I be learned stuf.

As a kid, I was into a little of everything. I tried swimming, gymnastics, Brownies (the precursor to Girl Scouts), tennis, ballet and other dance classes, piano. I made a valiant but completely unathletic attempt at joining my school’s volleyball team. In our cul-de-sac the neighborhood kids and I would play catch or bat a ball around. I would take my dad’s tools and build things out of scrap wood and materials I stole from construction sites nearby. I was fairly awful at everything except for tennis, but I loved being outdoors and climbing trees, riding my bike, rollerblading, shooting hoops in our driveway, and playing around.

I managed to climb to the top of the trees in the backyard without falling down, but landed on my tailbone and had the wind knocked out of me when the swing I was on in our backyard broke at the height of the upswing. The same thing happened when I attempted a front flip off a too-low balance beam on the school playground.

For an unathletic kid, I was incredibly active. I participated in concert band and marching band for several years. I read a lot and played video and computer games and danced around to Michael Jackson and Pink Floyd in the living room. I watched Star Wars and Indiana Jones on VHS. I danced on top of desks with another teacher’s kid to New Kids on the Block when Mom and her colleagues were in teachers’ meetings after school. While our mothers were finishing paperwork at the end of the school day, I played “dodgeball” with wet paper towels with yet another teacher’s kid in an empty classroom. I got a black eye in elementary school when I did a handstand with a blue raquetball ball in one hand; I toppled down on top of my hands, essentially punching myself in the face.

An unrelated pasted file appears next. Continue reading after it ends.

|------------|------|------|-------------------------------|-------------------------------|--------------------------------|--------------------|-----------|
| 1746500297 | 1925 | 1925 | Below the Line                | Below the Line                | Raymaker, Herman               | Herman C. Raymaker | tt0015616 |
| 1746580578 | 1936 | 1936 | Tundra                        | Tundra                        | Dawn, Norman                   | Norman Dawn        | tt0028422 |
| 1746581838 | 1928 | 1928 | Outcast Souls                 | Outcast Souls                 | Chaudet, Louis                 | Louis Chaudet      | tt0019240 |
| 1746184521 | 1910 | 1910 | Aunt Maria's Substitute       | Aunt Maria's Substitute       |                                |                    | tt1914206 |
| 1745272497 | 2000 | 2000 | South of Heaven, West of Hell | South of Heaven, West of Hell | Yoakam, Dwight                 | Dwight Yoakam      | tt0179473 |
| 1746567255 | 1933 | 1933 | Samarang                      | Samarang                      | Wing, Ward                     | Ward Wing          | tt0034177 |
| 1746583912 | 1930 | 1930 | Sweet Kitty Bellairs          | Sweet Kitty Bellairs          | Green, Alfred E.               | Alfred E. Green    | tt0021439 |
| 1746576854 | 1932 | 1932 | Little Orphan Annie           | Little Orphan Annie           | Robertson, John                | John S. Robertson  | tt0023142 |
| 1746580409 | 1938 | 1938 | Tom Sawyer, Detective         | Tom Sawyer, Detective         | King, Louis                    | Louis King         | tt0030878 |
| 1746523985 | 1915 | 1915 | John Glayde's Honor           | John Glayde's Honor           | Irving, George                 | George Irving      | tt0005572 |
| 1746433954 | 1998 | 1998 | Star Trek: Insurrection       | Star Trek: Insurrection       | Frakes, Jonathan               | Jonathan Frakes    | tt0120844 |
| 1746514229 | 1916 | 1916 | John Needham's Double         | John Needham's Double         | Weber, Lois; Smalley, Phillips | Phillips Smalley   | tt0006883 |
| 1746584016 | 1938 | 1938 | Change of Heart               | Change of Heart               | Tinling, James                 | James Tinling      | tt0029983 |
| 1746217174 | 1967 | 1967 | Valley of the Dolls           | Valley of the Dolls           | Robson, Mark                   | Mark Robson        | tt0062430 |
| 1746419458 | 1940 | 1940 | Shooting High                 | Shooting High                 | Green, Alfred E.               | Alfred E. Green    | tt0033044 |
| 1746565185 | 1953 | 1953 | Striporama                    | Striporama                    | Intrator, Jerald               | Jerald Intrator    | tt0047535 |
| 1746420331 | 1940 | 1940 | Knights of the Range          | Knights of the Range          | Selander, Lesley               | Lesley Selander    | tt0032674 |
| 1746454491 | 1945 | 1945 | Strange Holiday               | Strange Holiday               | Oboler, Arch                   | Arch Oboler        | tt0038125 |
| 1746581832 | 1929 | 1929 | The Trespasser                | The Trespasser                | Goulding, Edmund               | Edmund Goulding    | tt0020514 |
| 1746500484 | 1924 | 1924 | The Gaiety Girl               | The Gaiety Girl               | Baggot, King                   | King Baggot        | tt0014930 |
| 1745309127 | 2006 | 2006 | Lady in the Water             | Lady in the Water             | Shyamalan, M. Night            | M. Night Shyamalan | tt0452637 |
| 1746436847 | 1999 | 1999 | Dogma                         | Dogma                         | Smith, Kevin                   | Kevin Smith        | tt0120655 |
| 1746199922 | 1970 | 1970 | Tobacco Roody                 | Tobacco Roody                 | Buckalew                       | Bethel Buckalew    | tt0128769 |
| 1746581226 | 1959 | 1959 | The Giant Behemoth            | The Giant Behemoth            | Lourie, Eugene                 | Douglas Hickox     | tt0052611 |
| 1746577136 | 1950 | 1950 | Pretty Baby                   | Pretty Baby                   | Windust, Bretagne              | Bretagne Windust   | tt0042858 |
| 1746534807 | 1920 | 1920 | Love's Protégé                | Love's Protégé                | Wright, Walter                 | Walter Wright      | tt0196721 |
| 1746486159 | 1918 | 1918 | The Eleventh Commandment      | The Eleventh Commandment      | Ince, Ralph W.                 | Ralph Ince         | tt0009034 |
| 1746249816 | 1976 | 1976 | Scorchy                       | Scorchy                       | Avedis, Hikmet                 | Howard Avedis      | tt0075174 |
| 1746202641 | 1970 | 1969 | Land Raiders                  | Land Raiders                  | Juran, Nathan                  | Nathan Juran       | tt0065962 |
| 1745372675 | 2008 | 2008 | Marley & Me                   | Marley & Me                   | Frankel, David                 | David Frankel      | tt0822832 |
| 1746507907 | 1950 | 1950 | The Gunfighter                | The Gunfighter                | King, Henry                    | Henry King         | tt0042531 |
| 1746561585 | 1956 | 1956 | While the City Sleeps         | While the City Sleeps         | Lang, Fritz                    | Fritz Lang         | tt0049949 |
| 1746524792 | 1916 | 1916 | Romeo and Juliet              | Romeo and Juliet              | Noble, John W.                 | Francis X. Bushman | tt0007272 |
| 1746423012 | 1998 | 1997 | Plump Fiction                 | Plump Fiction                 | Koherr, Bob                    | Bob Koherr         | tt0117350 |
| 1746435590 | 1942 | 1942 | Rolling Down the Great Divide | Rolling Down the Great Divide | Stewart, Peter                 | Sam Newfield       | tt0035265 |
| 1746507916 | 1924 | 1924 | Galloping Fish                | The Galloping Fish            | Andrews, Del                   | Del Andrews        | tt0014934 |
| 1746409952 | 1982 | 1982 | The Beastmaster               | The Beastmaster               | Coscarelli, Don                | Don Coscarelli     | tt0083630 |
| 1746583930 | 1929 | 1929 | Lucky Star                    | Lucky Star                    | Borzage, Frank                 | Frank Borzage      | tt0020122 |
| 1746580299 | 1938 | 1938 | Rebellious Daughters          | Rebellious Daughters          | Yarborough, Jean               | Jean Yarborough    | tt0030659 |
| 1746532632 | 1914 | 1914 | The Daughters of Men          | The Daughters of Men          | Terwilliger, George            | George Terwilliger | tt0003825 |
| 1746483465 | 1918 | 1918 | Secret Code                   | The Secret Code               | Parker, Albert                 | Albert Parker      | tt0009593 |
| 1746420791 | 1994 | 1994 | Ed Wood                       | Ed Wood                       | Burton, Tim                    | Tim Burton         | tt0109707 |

I was an A student in a competitive school district, but I always could’ve studied more. I could’ve read more, taken more difficult classes, pushed myself to be the top of my class.

Eh. I’m happy with how I turned out. My parents let me be a kid and let me have a busy, full childhood, then let me make my own, sometimes foolish mistakes once I became a young adult. Now that I’m a full-fledged “adult” (ME?), I appreciate their parenting even more.

Childhood in Taiwan, in Asia, is different. Kids are in school early until late, and they study at home and on weekends. They’re multilingual before they hit puberty. They can use an abacus faster than I can use a calculator. These kids are brilliant and hard-working. They’re funny and kind and generous and quick to correct me when I make mistakes on the board.

The vast majority, though, can’t catch a ball lobbed their way. Forget swinging a bat at one or catching one in a mitt or throwing one into a basketball hoop. Some of them are so uncoordinated that watching them walk is a bit like watching that weird game show Wipeout.

Sure, Taiwanese, Chinese, Japanese and Korean kids are consistently outperforming Westerners on standardized tests. But should we be willing to change the Western childhood in order to compete? No one can really argue that one way of life is better than the other, but every family will certainly have a preference.

Within the next decade maybe I’ll have a child of my own. Personally, I hope the kid can tell me what a pronoun is and what offsides means in sports, primarily because I always get confused. I’m not terribly picky. If my future child is a complete dunce, I won’t be disappointed, as long as he or she really tries. “‘F’ for ‘F-ort’, honey!”

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